Amatol

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Not to be confused with the barbiturate amytal.

Amatol is a highly explosive material made from a mixture of TNT and ammonium nitrate.[1] The British name originates from the words ammonium and toluene (a raw material of TNT). Similar mixtures (1 part dinitronaphthalene and 7 parts ammonium nitrate) were known as Schneiderite in France. Amatol was used extensively during World War I and World War II, typically as an explosive in military weapons such as aircraft bombs, shells, depth charges, and naval mines.[2] It was eventually replaced with alternative explosives such as composition B, torpex, and tritonal.

Manufacture and use[edit]

Amatol exploits synergy between TNT and ammonium nitrate. TNT has higher explosive velocity and brisance, but is deficient in oxygen. Oxygen deficiency causes black smoke residue[3] from a pure TNT explosion. The oxygen surplus of ammonium nitrate increases the energy release of TNT during detonation. Depending on the ratio of ingredients used, amatol leaves a residue of white or grey smoke after detonation. Amatol has a lower explosive velocity and correspondingly lower brisance than TNT but is cheaper to make.

Amatol allowed supplies of TNT to be expanded considerably, with little reduction in the destructive power of the final product, so long as the amount of TNT in the mixture did not fall below 60%. Mixtures containing as little as 20% TNT were for less demanding uses.

TNT is 50% deficient in oxygen. Amatol is oxygen balanced and is therefore more effective than pure TNT when exploding underground or underwater. RDX is also has a negative oxygen balance. Oxygen balanced filaments also have application for nuclear weapons; the Hiroshima bomb "Little Boy" used amatol.

Relatively unsophisticated cannery equipment can be adapted to amatol production. TNT is gently heated with steam or hot water until it melts, acquiring the physical characteristics of a syrup. Then the correct weight ratio of powdered ammonium nitrate is added and mixed in. Whilst this mixture is still in a molten state, it is poured into empty bomb casings and allowed to cool and solidify. However, the lowest grades of amatol could not be produced by casting molten TNT. Instead, flaked TNT was thoroughly mixed with powdered ammonium nitrate and then compressed or extruded.[2]

The colour of amatol ranges from off-white to slightly yellow or pinkish brown, depending on the mixture used and remains soft for long periods of storage. It is also hygroscopic, which complicates long-term storage.[4] To prevent moisture problems, amatol charges were coated with a thin layer of pure molten TNT or alternatively bitumen. Long-term storage was rare during wars because ammunition charged with amatol were generally used soon after manufacture.

Amatol should not be stored in containers made from copper or brass, as it can form unstable compounds sensitive to vibration.[4] Pressed, it is relatively insensitive but may be detonated by severe impact, whereas when cast, it is extremely insensitive. Primary explosives such as mercury fulminate were often used as a detonator, in combination with an explosive booster charge such as tetryl.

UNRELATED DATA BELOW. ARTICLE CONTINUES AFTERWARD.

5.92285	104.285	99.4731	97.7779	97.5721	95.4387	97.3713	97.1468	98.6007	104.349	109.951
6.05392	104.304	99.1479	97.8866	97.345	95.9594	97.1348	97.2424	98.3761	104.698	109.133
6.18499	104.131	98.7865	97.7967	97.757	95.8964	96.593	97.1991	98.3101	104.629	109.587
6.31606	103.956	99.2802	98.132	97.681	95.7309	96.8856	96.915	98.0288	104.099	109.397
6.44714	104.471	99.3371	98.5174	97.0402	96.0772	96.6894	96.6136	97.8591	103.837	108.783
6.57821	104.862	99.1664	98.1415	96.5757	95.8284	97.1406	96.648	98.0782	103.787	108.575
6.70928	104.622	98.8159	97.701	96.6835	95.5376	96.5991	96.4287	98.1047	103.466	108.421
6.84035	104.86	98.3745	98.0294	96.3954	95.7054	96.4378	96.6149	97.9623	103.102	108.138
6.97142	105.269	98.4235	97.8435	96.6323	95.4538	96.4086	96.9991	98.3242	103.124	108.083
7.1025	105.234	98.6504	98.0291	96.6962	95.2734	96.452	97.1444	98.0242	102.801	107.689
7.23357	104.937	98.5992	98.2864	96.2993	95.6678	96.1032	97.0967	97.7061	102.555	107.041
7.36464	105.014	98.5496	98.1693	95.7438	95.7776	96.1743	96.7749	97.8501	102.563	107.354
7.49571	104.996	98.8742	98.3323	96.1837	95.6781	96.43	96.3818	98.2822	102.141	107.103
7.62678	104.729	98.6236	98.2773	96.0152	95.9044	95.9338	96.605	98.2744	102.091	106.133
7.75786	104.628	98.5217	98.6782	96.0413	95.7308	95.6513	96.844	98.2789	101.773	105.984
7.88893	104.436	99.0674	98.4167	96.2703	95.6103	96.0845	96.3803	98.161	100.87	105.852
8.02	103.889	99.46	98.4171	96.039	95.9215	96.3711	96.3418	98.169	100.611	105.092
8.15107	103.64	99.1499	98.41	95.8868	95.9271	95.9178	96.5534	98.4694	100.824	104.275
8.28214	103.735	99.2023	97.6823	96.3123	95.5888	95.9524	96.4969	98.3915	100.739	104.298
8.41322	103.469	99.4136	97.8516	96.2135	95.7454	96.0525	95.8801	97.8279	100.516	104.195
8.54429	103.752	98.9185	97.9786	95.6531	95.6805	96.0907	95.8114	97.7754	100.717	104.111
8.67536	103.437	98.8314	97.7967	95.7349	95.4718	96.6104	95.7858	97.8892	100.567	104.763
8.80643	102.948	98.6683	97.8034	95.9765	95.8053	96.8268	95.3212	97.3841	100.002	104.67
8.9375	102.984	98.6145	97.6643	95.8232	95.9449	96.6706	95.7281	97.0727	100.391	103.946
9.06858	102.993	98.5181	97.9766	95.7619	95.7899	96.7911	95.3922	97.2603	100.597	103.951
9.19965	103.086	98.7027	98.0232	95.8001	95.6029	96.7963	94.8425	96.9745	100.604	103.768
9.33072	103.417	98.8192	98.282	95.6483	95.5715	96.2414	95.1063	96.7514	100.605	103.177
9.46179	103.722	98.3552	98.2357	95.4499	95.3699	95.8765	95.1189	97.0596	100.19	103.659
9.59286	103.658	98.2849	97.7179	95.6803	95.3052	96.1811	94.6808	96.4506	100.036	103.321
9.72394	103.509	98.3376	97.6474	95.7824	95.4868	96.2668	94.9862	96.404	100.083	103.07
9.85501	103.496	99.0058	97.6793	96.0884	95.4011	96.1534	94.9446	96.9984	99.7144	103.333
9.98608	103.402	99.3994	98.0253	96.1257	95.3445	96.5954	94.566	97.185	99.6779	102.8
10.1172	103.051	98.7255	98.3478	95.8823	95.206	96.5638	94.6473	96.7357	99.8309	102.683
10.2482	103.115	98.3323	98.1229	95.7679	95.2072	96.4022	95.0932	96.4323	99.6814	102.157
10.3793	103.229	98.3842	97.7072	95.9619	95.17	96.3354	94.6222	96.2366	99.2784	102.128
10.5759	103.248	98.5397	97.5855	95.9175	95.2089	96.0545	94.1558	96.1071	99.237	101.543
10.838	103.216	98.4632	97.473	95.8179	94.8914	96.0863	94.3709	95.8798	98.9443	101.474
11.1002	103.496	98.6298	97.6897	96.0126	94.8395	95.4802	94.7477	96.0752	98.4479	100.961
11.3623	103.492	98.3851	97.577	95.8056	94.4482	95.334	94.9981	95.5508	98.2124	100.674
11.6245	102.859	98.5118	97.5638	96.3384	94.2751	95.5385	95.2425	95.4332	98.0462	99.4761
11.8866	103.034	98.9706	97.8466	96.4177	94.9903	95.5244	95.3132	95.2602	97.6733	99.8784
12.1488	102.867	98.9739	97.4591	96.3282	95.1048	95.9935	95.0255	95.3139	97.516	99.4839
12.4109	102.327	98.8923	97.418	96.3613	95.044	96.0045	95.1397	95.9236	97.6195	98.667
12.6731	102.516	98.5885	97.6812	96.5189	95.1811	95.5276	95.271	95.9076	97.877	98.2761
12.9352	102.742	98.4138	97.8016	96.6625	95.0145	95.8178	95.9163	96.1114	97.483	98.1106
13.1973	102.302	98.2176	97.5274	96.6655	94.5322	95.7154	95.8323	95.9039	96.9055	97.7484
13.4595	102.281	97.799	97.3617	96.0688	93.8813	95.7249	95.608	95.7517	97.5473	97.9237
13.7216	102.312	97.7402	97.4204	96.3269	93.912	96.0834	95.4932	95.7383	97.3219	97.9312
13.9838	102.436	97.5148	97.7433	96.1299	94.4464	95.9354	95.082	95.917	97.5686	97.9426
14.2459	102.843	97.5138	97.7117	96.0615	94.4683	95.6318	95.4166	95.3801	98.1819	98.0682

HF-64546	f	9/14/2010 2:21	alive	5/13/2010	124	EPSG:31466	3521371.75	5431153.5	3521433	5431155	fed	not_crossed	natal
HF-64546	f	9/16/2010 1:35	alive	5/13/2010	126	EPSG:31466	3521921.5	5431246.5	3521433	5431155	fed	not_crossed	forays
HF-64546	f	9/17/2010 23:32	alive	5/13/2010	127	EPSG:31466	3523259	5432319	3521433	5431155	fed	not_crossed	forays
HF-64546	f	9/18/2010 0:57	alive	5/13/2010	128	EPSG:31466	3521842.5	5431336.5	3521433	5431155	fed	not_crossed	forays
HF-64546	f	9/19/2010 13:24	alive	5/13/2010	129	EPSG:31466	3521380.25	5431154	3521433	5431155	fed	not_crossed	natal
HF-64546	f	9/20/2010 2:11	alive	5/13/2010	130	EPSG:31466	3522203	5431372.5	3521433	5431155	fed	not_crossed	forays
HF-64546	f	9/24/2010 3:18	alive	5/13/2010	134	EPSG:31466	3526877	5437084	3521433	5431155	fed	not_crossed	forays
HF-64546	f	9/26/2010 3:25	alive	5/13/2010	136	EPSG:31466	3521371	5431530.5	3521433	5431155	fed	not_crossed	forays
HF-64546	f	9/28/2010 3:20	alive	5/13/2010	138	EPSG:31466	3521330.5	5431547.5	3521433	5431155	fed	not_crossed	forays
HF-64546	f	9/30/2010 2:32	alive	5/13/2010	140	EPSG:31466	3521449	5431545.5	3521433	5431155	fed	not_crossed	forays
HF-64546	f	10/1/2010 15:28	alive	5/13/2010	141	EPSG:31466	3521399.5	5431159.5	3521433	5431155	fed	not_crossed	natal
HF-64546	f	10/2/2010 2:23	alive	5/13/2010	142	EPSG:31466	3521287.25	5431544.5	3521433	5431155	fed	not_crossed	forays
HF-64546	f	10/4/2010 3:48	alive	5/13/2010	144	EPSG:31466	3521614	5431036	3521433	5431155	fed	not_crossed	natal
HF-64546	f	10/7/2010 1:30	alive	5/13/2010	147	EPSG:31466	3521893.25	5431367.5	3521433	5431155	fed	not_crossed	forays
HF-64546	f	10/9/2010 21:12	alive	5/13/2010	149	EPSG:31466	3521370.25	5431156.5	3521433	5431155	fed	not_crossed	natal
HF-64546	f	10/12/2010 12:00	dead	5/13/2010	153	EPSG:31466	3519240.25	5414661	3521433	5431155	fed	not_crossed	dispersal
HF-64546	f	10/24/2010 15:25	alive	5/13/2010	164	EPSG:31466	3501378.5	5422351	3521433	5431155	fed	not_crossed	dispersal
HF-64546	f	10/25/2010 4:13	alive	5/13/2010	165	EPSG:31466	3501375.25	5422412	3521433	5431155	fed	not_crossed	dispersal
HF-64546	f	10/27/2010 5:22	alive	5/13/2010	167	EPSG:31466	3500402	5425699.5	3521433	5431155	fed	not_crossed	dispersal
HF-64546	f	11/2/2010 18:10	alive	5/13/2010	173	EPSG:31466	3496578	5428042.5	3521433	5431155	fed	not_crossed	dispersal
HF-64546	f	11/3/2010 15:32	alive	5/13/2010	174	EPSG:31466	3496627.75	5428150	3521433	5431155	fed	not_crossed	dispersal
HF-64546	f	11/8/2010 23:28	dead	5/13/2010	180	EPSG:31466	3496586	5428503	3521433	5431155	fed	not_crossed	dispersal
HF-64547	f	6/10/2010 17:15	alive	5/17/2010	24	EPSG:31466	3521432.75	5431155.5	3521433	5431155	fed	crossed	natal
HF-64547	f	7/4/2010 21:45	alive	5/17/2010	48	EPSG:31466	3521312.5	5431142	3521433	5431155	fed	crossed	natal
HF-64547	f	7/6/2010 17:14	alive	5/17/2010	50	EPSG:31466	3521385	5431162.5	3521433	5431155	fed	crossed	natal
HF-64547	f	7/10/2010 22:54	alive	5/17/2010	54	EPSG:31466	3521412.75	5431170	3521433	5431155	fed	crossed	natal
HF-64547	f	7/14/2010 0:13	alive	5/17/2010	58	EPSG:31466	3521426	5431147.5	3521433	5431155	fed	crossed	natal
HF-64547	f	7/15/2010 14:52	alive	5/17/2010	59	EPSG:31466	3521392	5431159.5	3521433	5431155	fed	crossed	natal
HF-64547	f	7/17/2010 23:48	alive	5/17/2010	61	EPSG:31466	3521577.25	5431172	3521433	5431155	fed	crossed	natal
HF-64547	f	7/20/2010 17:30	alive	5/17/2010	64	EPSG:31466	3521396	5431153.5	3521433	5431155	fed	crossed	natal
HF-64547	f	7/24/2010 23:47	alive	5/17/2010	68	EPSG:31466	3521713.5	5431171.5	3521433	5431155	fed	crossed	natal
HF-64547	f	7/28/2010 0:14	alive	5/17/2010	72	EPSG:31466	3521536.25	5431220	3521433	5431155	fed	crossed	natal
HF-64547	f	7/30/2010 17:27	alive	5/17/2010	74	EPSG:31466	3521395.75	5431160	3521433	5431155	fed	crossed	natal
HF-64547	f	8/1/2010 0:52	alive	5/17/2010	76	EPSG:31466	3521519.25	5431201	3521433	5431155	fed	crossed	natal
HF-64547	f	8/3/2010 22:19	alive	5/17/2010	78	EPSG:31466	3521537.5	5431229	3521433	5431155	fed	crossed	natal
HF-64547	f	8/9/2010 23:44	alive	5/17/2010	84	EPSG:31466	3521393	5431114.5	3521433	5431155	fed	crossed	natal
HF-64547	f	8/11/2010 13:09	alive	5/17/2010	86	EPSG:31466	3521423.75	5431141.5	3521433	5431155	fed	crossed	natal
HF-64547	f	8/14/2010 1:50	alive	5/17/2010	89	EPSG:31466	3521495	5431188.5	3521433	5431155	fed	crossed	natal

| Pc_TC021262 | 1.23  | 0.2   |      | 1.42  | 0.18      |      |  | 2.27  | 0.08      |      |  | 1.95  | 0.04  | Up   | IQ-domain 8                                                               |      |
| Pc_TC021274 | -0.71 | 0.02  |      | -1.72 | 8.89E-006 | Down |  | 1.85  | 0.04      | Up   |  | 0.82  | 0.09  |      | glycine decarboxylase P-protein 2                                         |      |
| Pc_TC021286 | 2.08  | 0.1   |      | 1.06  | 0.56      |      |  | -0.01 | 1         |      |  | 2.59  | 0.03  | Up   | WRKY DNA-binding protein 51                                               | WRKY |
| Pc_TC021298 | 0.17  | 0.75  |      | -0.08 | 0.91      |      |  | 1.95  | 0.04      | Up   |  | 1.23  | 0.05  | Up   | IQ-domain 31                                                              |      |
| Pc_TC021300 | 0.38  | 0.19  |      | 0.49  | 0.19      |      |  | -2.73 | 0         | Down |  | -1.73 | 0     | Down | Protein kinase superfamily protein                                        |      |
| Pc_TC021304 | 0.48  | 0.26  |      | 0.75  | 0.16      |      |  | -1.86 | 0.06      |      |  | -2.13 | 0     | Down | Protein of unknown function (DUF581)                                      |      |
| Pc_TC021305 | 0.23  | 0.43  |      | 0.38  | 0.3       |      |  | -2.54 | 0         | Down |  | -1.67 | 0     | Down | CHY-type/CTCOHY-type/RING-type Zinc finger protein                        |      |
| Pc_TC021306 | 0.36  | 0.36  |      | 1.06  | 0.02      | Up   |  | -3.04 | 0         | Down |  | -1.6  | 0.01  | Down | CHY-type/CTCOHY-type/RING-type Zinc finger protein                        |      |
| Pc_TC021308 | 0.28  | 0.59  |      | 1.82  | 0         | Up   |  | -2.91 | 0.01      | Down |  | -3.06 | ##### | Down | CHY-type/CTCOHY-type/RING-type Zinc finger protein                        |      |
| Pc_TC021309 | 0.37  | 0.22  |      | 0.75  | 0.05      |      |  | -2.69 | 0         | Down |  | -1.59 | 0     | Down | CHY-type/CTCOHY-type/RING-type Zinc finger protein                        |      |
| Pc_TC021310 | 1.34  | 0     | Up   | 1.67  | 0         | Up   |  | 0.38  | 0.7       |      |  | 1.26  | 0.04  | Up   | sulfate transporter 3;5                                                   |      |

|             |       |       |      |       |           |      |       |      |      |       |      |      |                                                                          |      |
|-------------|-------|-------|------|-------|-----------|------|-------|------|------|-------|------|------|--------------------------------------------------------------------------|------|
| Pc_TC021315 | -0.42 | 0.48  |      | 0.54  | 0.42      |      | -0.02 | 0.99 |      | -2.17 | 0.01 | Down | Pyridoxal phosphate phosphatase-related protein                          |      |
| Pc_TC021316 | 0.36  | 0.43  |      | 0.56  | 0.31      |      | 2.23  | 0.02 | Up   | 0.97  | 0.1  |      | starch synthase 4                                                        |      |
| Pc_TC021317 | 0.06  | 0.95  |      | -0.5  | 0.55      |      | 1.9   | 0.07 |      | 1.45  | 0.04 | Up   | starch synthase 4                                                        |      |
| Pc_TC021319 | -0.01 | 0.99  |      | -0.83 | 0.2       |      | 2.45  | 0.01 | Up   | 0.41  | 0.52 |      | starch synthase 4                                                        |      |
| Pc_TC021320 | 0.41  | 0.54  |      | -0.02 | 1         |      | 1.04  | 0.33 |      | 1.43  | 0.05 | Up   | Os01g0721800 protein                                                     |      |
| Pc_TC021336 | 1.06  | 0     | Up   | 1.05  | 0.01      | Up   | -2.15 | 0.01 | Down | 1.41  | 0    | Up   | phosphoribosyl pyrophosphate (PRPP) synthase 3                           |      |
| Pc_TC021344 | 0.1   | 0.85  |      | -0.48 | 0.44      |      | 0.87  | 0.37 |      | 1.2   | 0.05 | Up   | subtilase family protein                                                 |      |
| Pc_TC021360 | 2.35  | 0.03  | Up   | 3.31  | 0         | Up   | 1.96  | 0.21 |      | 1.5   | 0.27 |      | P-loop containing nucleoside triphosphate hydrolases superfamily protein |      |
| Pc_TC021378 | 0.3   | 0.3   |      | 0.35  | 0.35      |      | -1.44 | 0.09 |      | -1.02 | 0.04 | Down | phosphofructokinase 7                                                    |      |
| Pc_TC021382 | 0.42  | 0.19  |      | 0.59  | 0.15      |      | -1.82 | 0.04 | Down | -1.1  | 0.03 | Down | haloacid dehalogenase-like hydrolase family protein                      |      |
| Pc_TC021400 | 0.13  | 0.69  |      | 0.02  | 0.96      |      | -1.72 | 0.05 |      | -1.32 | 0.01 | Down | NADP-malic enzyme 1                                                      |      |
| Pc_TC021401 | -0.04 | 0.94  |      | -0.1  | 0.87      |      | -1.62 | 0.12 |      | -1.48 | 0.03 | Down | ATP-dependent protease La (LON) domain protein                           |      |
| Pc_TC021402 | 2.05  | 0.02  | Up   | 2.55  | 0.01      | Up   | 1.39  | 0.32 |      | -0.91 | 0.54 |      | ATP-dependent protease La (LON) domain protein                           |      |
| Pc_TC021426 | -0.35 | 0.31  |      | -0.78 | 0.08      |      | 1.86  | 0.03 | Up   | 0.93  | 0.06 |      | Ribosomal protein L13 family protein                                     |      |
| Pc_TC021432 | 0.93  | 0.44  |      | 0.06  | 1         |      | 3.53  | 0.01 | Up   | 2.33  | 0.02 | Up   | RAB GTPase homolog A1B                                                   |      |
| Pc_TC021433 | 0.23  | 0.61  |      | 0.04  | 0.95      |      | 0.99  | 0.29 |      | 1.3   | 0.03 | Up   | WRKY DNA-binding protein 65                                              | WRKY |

The explosive charges hidden in HMS Campbeltown during the St. Nazaire Raid of 1942 contained amatol. The British X class midget submarines which planted explosive charges beneath the German battleship Tirpitz in September 1943 carried two "saddle charges" containing four tons of amatol. Warheads for the German V-1 flying bomb and V-2 rockets also contained amatol.

A derivative of amatol is amatex, consisting of 51% ammonium nitrate, 40% TNT, and 9% RDX.

Ammonite[edit]

Amatol is rare today, except in legacy munitions or unexploded ordnance. A form of amatol exists under a different name — ammonite. Ammonite is a civilian explosive, generally comprising a 20/80 mixture of TNT and ammonium nitrate. Typically, it is used for quarrying or mining purposes. It is a popular civil engineering explosive in Eastern Europe and China.

Because the proportion of TNT is significantly lower than in its military counterpart, ammonite has much less destructive power; given ammonite's use, this is not a problem. In general, a 30 kilogram charge of ammonite is roughly equivalent to 20 kilograms of TNT.

Amatol, the town[edit]

Amatol was the name given to a munitions factory and planned community built by the United States government in Mullica Township, New Jersey during World War I. [5] After the war, the town was dismantled. The Atlantic City Speedway was built on part of the Amatol site in 1926.

References[edit]

  1. ^ Department, Navy (1947). U.S. Explosive Ordnance. Washington, D.C.: Bureau of Ordnance. p. 580. 
  2. ^ a b Brown, G.I. (1998) The Big Bang: a History of Explosives Sutton Publishing ISBN 0-7509-1878-0 pp.158-163
  3. ^ http://www.youtube.com/watch?v=vb3y6m-buco
  4. ^ a b Davis, Tenney L. (1943) The Chemistry of Powder & Explosives Angriff Press ISBN 0-913022-00-4 pp.141-153&494
  5. ^ Hammel, Victor F. (1918). Construction and operation of a shell loading plant and the town of Amatol, New Jersey. New York, N.Y.: Atlantic loading company. p. 286. 

See also[edit]